Sentinel Success Stories
Copernicus Sentinel-2 called to action
26 July 2018
The Copernicus Emergency Management Service has been using Sentinel-2 satellite images to help in the assessment of damage brought forth by a series of disasters that struck Guatemala and Colombia this spring.
The Copernicus Emergency Management Service (EMS) Rapid Mapping, which has been operational since April 2012, provides information to respond to different types of disasters, including extreme weather events, geophysical events, deliberate and accidental, man-made and other humanitarian disasters, as well as prevention, preparedness, response and recovery activities.
From July 2017 to July 2018, 262 Sentinel-2 images were analysed to produce EMS Rapid Mapping products. Most images were used as pre-disaster reference data, in total 213, while 49 were used to produce post disaster maps and 61 maps were produced out of these. 80% were delineation maps (featuring the geographic extent of the damage) and the remaining 20% were grading maps (mapping the severity of the damaged features).
On 3 June, Volcán de Fuego in Southern Guatemala strongly erupted, provoking floods of lava and mud along with ash and ballistic (small rocks) emissions.
The ash fall and lahars affected different areas of Chimaltenango, Sacatepéquez and Escuintla. As of 4 June, 75 people died, 3,100 inhabitants were evacuated and over 1.7 million people were affected.
Before this, in April, the Ituango Dam (an embankment dam under construction on the Cauca river in Colombia), underwent falls of rock and soil, which caused a partial obstruction of a tunnel that diverts the Cauca River. The obstruction, combined with increased rains, disrupted the regulated flow of water prompting a threat of massive flooding in the Antioquia Province.
Approximately 120,000 people have been affected, of which 5,000, who live along the river, were evacuated by Colombian authorities.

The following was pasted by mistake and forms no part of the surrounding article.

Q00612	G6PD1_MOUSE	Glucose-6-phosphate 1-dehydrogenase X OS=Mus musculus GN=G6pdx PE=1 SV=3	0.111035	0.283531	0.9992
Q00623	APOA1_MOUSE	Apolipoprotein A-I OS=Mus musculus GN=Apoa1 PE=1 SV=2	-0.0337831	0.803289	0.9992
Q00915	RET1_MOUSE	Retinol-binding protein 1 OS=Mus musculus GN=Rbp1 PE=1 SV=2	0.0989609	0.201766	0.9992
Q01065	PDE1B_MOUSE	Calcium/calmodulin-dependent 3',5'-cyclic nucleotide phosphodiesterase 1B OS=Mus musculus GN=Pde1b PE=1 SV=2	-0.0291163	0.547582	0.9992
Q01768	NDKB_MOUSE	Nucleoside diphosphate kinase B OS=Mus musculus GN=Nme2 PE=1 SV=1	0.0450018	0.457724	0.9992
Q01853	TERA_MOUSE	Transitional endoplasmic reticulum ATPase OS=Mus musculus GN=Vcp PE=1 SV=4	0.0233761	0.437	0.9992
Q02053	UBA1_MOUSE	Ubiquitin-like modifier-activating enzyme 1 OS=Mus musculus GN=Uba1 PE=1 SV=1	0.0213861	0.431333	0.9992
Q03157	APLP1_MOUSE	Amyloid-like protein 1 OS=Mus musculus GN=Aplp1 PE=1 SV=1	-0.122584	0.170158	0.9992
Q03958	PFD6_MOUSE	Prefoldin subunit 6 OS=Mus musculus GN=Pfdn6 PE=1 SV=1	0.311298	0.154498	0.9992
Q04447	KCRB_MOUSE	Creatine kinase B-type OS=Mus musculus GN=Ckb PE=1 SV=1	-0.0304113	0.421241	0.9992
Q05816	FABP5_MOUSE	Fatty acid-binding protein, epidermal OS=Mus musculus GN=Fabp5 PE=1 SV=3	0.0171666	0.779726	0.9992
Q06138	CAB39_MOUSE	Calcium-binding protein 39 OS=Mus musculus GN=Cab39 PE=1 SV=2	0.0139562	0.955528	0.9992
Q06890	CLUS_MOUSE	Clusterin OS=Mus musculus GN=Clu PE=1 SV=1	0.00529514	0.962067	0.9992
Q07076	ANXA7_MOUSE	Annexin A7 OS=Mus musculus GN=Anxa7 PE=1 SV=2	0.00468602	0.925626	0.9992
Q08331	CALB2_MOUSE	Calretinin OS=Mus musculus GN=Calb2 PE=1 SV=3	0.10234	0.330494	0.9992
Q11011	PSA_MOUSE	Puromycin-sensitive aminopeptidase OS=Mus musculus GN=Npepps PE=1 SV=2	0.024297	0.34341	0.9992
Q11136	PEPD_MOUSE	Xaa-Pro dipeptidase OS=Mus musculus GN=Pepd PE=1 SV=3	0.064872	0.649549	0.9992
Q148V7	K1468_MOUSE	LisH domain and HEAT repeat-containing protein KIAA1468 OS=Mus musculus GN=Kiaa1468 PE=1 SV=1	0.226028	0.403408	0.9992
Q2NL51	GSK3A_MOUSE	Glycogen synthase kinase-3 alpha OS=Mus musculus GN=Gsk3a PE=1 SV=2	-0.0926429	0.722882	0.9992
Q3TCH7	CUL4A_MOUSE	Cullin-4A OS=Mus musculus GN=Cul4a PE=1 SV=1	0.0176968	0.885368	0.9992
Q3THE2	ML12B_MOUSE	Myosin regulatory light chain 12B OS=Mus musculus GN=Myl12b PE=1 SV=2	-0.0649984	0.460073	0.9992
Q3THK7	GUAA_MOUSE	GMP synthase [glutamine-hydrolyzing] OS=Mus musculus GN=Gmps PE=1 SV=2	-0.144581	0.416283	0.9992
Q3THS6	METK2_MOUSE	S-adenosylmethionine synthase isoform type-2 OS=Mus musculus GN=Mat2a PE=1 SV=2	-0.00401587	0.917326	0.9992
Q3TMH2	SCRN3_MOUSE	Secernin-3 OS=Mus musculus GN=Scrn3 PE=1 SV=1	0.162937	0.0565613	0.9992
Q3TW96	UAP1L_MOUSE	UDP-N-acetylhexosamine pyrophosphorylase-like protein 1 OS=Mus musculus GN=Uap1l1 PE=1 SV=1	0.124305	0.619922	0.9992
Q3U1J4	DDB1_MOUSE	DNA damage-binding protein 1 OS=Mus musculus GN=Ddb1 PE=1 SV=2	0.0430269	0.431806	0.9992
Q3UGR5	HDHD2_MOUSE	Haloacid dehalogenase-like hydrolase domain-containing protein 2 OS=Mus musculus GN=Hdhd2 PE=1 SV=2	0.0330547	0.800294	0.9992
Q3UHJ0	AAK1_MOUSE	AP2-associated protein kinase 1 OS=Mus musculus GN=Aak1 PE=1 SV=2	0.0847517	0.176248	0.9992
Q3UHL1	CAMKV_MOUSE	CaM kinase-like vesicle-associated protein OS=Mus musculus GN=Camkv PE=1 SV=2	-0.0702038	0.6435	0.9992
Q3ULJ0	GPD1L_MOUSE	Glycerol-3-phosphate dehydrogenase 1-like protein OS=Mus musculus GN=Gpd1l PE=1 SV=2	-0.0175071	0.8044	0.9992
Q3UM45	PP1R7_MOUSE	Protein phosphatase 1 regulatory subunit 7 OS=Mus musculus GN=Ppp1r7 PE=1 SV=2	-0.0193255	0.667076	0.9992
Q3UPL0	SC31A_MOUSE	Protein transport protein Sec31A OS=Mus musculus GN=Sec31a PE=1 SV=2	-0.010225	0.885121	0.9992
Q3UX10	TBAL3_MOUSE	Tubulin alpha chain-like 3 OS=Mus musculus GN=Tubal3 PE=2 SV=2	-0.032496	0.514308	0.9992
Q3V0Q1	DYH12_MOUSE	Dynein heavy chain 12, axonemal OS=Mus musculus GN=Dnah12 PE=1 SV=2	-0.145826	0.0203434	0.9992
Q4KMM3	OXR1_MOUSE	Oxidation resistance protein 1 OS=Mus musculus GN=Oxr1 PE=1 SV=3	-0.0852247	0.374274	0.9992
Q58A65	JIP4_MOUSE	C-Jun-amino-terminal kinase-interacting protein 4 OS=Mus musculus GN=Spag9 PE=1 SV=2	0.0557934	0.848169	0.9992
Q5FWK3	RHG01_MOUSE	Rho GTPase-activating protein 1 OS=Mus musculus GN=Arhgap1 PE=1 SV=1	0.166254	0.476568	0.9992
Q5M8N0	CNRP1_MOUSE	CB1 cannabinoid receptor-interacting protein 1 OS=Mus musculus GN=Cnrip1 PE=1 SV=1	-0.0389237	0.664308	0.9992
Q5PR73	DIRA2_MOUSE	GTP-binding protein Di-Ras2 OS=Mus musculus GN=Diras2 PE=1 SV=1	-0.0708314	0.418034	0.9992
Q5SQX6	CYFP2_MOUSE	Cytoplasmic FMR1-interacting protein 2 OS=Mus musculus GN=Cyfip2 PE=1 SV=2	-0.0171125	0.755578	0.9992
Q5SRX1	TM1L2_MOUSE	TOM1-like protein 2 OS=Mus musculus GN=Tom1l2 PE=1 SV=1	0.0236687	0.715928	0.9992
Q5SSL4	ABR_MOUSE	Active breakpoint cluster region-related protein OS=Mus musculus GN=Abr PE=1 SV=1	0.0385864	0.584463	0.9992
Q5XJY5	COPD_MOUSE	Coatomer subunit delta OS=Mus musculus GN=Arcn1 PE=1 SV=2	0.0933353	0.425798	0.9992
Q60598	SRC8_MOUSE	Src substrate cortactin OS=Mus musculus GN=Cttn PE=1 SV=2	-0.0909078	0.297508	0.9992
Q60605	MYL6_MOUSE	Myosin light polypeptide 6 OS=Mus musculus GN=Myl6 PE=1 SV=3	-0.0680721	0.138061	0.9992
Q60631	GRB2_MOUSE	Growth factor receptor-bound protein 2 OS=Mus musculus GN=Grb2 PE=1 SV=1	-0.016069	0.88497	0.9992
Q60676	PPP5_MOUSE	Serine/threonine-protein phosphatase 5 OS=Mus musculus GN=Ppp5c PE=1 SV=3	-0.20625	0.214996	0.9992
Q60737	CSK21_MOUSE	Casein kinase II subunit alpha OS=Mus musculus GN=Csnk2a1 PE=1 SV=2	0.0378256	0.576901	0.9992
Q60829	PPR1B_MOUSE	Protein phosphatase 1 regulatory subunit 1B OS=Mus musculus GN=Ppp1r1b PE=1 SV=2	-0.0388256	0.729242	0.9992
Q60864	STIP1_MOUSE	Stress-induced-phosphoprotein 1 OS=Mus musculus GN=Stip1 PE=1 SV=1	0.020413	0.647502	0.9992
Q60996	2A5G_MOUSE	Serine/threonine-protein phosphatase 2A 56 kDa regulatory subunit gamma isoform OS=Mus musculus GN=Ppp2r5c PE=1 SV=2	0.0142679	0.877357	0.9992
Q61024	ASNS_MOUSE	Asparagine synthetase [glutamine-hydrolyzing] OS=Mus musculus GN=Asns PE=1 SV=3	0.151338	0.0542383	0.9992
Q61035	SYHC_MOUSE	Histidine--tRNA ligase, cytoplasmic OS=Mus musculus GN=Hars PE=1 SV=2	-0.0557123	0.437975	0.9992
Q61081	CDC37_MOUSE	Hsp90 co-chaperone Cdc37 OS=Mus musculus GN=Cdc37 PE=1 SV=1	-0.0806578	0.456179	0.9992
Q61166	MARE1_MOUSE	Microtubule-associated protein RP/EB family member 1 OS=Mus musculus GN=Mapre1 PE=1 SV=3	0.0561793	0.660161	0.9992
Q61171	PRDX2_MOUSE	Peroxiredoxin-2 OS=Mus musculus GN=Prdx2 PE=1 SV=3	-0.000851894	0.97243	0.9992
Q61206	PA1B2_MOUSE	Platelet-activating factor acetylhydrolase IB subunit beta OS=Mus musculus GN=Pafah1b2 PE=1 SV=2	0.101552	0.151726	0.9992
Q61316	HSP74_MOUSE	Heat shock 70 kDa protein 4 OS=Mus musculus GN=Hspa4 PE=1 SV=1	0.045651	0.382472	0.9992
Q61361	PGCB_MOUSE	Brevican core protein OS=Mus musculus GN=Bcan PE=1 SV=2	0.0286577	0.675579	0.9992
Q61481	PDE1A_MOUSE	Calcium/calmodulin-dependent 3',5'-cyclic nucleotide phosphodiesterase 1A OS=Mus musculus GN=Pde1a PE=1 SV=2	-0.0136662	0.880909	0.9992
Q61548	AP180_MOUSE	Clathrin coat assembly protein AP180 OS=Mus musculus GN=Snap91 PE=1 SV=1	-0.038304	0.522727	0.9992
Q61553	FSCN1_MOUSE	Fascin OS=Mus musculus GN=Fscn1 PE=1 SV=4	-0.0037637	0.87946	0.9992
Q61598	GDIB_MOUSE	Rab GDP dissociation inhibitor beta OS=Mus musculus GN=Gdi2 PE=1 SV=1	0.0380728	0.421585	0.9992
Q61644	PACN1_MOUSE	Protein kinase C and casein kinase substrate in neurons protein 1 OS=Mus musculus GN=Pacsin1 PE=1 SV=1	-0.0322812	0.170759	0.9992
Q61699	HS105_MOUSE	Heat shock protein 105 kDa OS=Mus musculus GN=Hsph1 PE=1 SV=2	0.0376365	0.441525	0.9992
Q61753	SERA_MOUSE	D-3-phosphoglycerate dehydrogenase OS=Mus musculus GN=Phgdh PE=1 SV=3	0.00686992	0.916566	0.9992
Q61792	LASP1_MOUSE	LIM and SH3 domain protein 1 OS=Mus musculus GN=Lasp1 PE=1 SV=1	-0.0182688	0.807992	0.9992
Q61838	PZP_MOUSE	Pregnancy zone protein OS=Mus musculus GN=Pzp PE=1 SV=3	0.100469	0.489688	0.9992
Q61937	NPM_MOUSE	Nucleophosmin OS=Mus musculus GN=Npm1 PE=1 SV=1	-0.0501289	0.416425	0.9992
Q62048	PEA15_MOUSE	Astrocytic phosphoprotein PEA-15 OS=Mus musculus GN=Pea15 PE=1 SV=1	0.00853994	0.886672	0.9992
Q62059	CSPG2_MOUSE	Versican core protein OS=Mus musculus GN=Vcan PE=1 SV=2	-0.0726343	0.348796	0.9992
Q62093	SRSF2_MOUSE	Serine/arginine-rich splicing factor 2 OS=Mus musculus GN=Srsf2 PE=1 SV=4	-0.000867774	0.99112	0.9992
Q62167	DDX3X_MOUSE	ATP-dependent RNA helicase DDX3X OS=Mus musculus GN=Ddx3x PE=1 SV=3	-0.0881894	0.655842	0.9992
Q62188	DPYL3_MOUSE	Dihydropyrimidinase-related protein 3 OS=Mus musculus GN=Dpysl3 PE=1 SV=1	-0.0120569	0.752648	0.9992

In the case of the Guatemala volcanic eruption, the Copernicus Emergency Service was activated on 4 June, to produce delineation maps showing the extent of the damage and grading maps highlighting its magnitude over 8 Areas of Interest (AoIs).
One Sentinel-2 image was used to understand the situation before the event, necessary to produce the damage assessment maps covering the AoIs El Fuego Volcano and El Fuego Volcano North. See all of the maps from this Copernicus EMS activation.
The EMS Rapid Mapping was triggered on 22 May, to assess the risk of the Ituango Dam failure in Colombia.
The Service produced reference maps showing the pre-disaster situation and the assets in the area, and delineation and grading maps showing the geographic extent and magnitude of the impact over 9 AoIs.
For two of these AoIs, Ituango North and Ituango South, only Sentinel-2 images were analysed and used for the production of maps and to monitor the evolution of the event, with a total of 4 scenes. See all of the maps from this Copernicus EMS activation.
Dr Dalmasso, Technical Project Officer at JRC, states, "The high resolution Copernicus Sentinel-2 satellites bring a considerable asset to the Copernicus Emergency Management Service. Not only because they increase the response to emergencies like floods or volcanic eruptions, but also because their continuous and systematic acquisitions allow monitoring events that may lead to further damage and disasters. The Sentinels greatly contribute to the whole disaster management cycle, from the beginning to the end of its course."
The Sentinels are a fleet of dedicated EU-owned satellites, designed to deliver the wealth of data and imagery that are central to Europe's Copernicus environmental programme.
In partnership with EU Member States, the European Commission leads and coordinates this programme, to improve the management of the environment, safeguarding lives every day. ESA is in charge of the space component, responsible for developing the family of Copernicus Sentinel satellites and ensuring the flow of data for the Copernicus services, while the operations of the Sentinels have been entrusted to ESA and EUMETSAT.
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